False Self Confidence – 1 Sure Way to Spread Misinformation and Hurt Others

False Self Confidence - 1 Sure Way to Spread Misinformation and Hurt Others


Today, I want to reflect on false confidence. This is something I see often in my climate work, and it has reared it’s ugly little head in the current COVID-19 crisis. Psychologists call it the Dunning-Kruger effect.

Just like many of you, I find myself cooped up at home with time on my hands. So, I took some time to do a bit of research on Dunning-Kruger.  I stumbled onto a concept that explains the unending stream of misinformation about climate change. It also helps me understand the eruption of instant-experts on viral disease, economics, and exponential math that we’ve seen since the start of the COVID-19 pandemic. 

There is nothing that saps one's confidence as the knowing how to do a thing.

Dunning and Kruger Observations about Self-Confidence

David Dunning and Justin Kruger did many experiments on cognitive bias. That’s where folks believe something that isn’t true. Here, they feel they are experts when they’re not. Over many experiments, Dunning and Kruger noted that people who know very little about a topic often believe they know a lot.
In one famous example, they found that over 88% of American drivers believe they are above average drivers. Just think about that for a moment. Only 50% of drivers could ever be above average. So, what’s up with the other 38%?

As We Learn More – Self Confidence Decreases

But when people learn more, take a course or get experience, self-confidence decreases. Basically, they learn enough to know that they don’t know a lot. Finally, experts often see how special they are. They believe they don’t know enough, and also everyone else knows a lot about the topic too. Unfortunately, folks who know the least often have the most self confidence. Experts typically never reach that level.

Some Thoughts about Dunning-Kruger

​I didn’t plan this to be a tutorial on Dunning-Kruger. There is a ton of great information about this out there. For those who are interested, here are some links to good descriptions of the Dunning-Kruger Effect. 


However, I would like to share my thoughts and in the process not fall prey to the syndrome myself.

​First, Dunning and Kruger identified that this syndrome is normal. We can all do it. This is not a disorder to which only a few foolish folks fall prey. We are hard wired to feel great when we learn something new and want to share.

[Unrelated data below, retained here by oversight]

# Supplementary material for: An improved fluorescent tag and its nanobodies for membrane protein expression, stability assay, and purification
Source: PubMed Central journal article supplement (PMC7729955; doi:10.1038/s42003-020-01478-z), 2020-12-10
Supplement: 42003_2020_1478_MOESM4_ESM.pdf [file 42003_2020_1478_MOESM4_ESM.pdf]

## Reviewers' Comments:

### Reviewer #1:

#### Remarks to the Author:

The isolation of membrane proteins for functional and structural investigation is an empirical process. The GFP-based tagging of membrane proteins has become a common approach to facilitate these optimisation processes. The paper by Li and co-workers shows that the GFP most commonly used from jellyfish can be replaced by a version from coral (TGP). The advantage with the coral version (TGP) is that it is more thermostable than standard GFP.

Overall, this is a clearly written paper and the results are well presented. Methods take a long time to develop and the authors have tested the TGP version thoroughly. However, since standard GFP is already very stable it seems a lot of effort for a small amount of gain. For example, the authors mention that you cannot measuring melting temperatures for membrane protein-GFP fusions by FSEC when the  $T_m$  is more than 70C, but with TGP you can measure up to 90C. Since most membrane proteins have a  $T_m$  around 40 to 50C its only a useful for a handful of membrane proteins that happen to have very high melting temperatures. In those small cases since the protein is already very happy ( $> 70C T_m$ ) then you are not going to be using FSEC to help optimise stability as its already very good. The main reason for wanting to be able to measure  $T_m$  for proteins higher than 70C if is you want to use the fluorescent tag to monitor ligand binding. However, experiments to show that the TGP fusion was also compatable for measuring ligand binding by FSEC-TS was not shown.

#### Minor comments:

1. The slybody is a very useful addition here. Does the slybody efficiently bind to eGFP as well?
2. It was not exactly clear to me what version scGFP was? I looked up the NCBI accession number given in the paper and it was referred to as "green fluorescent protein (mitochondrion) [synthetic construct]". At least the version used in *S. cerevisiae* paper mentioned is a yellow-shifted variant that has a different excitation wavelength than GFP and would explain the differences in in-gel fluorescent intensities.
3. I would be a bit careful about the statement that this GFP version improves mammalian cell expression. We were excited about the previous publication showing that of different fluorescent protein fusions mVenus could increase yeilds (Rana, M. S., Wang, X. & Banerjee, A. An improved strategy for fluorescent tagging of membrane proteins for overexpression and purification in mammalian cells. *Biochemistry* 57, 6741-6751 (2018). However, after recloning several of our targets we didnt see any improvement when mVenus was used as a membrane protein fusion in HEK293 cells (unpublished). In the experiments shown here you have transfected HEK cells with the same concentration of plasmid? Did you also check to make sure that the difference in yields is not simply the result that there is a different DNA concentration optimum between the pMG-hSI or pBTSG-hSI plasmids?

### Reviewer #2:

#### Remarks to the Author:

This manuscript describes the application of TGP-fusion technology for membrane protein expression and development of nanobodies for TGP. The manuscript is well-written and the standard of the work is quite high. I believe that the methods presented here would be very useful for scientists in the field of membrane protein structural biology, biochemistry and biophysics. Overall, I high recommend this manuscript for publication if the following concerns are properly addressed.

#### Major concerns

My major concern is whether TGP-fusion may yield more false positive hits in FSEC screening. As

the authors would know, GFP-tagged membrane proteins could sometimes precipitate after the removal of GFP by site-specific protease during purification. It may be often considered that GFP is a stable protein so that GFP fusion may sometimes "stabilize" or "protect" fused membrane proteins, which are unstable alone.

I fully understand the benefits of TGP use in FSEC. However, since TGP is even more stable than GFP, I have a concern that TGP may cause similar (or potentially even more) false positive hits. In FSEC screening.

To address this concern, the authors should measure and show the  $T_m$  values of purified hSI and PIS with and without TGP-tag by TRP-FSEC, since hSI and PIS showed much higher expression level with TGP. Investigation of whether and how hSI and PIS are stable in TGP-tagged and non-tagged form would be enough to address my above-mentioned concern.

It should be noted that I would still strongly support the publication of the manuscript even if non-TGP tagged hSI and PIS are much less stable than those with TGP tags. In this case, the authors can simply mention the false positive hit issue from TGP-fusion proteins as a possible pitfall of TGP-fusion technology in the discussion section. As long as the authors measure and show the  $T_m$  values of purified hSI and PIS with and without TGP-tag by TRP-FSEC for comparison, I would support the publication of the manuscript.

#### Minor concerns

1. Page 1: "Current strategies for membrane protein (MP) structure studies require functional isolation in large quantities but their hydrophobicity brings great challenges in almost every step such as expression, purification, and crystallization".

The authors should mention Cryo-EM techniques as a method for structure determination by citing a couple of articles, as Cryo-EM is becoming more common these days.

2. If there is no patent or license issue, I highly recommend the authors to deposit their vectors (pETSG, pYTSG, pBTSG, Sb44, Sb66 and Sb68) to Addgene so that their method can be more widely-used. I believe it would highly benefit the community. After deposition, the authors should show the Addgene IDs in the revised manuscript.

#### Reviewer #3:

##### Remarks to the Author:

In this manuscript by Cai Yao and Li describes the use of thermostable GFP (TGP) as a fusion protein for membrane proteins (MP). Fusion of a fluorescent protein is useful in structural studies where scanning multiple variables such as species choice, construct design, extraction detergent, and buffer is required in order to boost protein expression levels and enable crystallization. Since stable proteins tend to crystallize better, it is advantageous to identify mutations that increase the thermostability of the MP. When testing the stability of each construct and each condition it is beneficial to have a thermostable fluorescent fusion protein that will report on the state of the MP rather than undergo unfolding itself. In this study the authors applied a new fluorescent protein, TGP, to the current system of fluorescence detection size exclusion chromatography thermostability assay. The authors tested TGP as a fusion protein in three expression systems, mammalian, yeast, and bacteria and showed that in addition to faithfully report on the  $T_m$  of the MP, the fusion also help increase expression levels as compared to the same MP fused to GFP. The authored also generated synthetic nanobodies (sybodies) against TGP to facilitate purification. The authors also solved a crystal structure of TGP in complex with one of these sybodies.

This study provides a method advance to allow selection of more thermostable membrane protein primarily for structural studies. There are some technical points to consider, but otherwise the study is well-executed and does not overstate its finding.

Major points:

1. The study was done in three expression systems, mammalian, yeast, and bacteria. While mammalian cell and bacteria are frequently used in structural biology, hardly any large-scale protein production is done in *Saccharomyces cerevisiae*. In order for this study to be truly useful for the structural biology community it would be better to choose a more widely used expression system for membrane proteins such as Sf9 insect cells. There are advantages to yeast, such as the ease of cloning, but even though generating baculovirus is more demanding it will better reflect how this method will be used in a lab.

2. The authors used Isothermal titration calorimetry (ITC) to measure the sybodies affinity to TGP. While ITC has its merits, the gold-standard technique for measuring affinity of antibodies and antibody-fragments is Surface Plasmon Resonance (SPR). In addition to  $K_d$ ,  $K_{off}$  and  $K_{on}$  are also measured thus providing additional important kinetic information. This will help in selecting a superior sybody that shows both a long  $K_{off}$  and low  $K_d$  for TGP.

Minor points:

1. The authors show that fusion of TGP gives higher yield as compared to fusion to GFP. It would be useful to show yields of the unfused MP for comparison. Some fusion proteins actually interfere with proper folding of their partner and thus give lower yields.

Folks Who Know the Least Have the Most Self Confidence

Second,  folks who know the least have the most self confidence. In social media this can be very damaging. Folks who know squat about climate or COVID-19 project the greatest confidence. It’s easy to accept their misinformation as fact and follow bad advice. In a crisis, this costs lives. For example, the awful, but sadly common advice that COVID-19 is just the flu, so don’t bother social distancing. A misinformed opinion that has led to infection, misery and death. 

Experts Aren’t So Sure

Finally, experts seem to be unsure of themselves. They qualify everything. They share all the nuances and often send the message they have no faith in the information they share. Their honesty can confuse us, and we dismiss their message.

In climate change, experts will often share information about the uncertainties in the modelling to give the full picture. Then, sceptics twist this to discredit the message. “If you are so unsure, we can’t believe anything you say.”
We need to protect ourselves. I need to make sure I don’t become the guy that shares bad information that hurts others. Also, I have to be careful not to accept bad information spread by folks who don’t know a lot.

Fact Check, Fact Check, Then Fact Check Again

Thankfully, the cure is the simple. But it takes work. We have to check our facts before we share them! 
Who said this? Are they credible? Where did this come from? Sometimes it is a reliable source like NASA, CDC, or the WHO. Other times, it’s just a clever meme with a great picture.  That ain’t science, and while it may be fun, it is not good advice on how to deal with COVID-19 or climate change.
So, fact check, fact check, then check again – before you share! We don’t want to be the source of bad advice that hurts a friend or neighbour.

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